A system can also refer to a set of rules that governs structure and/or behavior in society and in organizations. For example, the US government has a legislative system, judicial system, and executive system.
Churches also have systems. These systems may be formalized or operate informally. Every church has and needs systems in order to function correctly. But lurking in the background shadow systems are also at work. The official “unofficial” Wikipedia page states: “A shadow system is a term used in information services for any application relied upon for business processes that is not under the jurisdiction of a centralized information systems department. That is, the information systems department did not create it, was not aware of it, and does not support it.” (http://en.wikipedia.org/wiki/Shadow_system)
Shadow systems are not limited to banking and business; they thrive in every organization, and they thrive in your church whether you like it or not. They are often led by influential volunteers or key people who may, or may not, have any official title or responsibilities. They may also be led by disgruntled staff members. People who lead shadow systems are able to operate with efficiency because they don’t play by the rules, have no accountability, and are able to deny responsibility when confronted.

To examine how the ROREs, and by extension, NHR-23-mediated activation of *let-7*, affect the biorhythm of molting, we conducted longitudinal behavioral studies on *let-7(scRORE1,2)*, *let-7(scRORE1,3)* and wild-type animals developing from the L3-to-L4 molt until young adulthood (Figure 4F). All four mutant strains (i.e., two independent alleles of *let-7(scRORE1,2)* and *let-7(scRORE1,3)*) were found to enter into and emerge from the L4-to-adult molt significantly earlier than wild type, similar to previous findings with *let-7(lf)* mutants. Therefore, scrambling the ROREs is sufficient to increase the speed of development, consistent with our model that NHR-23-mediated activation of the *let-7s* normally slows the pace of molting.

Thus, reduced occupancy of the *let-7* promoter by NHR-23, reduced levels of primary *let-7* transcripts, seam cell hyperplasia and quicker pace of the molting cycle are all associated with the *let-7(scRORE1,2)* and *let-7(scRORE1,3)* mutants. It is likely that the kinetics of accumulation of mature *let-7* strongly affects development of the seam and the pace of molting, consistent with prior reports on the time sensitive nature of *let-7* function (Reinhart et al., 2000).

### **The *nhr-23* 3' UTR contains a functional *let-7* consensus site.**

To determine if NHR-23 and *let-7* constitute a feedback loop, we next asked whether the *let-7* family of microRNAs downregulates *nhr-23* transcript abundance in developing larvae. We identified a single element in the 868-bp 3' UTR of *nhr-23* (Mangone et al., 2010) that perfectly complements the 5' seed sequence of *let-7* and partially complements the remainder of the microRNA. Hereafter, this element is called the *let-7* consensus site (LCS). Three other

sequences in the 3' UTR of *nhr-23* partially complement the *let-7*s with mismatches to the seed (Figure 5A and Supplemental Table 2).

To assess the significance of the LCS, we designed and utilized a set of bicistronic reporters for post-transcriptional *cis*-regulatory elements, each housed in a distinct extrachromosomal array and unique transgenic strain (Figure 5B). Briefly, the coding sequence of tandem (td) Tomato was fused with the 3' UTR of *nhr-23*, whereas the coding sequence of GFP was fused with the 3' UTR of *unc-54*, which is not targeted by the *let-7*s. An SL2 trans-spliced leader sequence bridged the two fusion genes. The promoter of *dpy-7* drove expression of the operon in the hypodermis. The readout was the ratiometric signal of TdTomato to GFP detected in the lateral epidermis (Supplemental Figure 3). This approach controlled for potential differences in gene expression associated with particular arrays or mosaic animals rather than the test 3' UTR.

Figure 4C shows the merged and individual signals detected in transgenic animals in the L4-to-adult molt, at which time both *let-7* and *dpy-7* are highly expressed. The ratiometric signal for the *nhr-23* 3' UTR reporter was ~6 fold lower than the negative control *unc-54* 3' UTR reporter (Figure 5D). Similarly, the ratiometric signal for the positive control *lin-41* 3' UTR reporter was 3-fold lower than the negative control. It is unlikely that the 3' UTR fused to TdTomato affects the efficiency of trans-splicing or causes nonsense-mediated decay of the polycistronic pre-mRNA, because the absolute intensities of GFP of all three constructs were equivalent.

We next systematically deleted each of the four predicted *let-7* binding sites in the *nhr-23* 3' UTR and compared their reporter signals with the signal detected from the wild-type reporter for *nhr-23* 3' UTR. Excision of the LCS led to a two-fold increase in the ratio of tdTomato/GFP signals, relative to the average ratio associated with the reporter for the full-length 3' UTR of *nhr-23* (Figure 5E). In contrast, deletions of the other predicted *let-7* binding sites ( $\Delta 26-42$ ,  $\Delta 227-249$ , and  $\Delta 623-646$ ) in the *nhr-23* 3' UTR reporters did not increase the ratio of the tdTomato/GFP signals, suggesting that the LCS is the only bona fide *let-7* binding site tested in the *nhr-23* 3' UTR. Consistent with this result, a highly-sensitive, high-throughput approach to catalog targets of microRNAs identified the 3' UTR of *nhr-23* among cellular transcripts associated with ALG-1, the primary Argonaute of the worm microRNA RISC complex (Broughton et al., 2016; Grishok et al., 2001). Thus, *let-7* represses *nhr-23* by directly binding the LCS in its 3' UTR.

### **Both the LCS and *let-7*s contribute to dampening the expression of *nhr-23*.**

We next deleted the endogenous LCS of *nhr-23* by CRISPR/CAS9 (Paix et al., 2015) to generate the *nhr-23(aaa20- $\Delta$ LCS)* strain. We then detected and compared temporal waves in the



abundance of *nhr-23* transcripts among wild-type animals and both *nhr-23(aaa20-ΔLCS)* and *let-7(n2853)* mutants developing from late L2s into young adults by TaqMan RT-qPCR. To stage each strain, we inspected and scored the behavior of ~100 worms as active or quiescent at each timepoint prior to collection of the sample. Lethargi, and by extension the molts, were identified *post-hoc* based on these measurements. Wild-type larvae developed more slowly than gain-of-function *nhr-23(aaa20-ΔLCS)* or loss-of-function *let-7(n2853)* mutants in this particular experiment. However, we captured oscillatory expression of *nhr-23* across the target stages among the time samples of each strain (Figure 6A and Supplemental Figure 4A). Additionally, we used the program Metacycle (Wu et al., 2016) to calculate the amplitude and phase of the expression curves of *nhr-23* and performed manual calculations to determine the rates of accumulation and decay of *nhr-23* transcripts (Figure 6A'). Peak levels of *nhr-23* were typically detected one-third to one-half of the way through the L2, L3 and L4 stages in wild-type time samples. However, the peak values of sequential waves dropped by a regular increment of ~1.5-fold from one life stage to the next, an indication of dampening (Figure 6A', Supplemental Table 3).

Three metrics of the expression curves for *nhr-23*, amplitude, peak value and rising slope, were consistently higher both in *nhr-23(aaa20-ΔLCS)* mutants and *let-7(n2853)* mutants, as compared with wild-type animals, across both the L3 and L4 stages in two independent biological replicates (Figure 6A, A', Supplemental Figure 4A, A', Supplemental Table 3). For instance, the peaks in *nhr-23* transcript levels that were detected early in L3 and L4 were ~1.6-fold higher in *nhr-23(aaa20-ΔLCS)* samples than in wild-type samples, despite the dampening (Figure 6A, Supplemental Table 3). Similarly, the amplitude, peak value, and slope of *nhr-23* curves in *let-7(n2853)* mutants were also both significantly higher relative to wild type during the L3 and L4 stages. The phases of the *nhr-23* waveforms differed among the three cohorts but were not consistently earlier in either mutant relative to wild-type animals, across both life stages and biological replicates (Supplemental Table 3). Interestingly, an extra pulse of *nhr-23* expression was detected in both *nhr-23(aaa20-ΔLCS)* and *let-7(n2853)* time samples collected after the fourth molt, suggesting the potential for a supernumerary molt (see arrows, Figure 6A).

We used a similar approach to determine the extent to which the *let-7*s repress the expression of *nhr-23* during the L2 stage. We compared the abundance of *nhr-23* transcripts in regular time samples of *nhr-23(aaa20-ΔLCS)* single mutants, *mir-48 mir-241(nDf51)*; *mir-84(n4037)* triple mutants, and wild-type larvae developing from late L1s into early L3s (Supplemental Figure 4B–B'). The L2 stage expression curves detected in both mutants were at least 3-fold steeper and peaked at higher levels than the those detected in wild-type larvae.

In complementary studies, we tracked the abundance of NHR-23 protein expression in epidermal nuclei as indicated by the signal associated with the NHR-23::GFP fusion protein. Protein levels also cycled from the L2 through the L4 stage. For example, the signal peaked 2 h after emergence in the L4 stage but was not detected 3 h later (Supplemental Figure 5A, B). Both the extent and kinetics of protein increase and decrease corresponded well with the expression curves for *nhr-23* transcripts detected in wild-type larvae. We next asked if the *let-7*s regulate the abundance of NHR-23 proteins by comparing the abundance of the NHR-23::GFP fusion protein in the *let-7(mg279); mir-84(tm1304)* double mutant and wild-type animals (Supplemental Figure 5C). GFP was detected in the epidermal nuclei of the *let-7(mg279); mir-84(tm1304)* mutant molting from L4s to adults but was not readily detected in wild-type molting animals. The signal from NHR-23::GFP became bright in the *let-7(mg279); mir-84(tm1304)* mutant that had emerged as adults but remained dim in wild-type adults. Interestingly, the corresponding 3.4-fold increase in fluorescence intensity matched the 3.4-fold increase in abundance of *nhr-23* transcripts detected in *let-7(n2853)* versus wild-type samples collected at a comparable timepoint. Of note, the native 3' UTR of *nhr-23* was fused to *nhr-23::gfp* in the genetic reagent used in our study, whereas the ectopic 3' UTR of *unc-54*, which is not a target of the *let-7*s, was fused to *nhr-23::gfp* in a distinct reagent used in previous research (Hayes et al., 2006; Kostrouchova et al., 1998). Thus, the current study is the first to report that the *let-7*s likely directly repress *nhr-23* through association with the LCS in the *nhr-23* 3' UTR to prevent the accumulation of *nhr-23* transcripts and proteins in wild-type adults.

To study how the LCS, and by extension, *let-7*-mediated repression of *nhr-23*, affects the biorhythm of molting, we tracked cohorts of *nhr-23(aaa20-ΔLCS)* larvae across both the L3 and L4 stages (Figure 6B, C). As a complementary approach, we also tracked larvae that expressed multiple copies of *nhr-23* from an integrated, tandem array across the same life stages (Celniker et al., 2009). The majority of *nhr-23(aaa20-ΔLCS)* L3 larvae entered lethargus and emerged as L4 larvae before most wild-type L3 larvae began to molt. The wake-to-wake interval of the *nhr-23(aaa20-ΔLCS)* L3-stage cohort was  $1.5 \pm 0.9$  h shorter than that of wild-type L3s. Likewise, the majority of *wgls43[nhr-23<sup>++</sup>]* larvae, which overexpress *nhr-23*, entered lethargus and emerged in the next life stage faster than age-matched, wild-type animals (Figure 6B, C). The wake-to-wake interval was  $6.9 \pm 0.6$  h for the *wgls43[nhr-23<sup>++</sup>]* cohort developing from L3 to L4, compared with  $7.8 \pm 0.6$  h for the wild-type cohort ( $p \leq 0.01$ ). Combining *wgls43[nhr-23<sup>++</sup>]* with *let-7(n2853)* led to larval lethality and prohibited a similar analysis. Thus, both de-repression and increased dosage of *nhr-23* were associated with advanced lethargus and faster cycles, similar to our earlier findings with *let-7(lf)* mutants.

Shadow systems are activated before the formal meeting, after the formal meeting, and influence what happens during the formal meeting. Shadow systems are never born in the board room, they are created in the staff break room, during small groups gatherings, and in the lobby over a cup of coffee. Shadow systems are refined by the rumor mill and distributed via social media and word of mouth. They can be volatile, destroy credibility, and damage unity. They can also create an efficient route around bureaucracy, create momentum, and validate rising leaders. Shadow systems will always exist in the church because people always go to who they know for what they want regardless of the “official” system in place.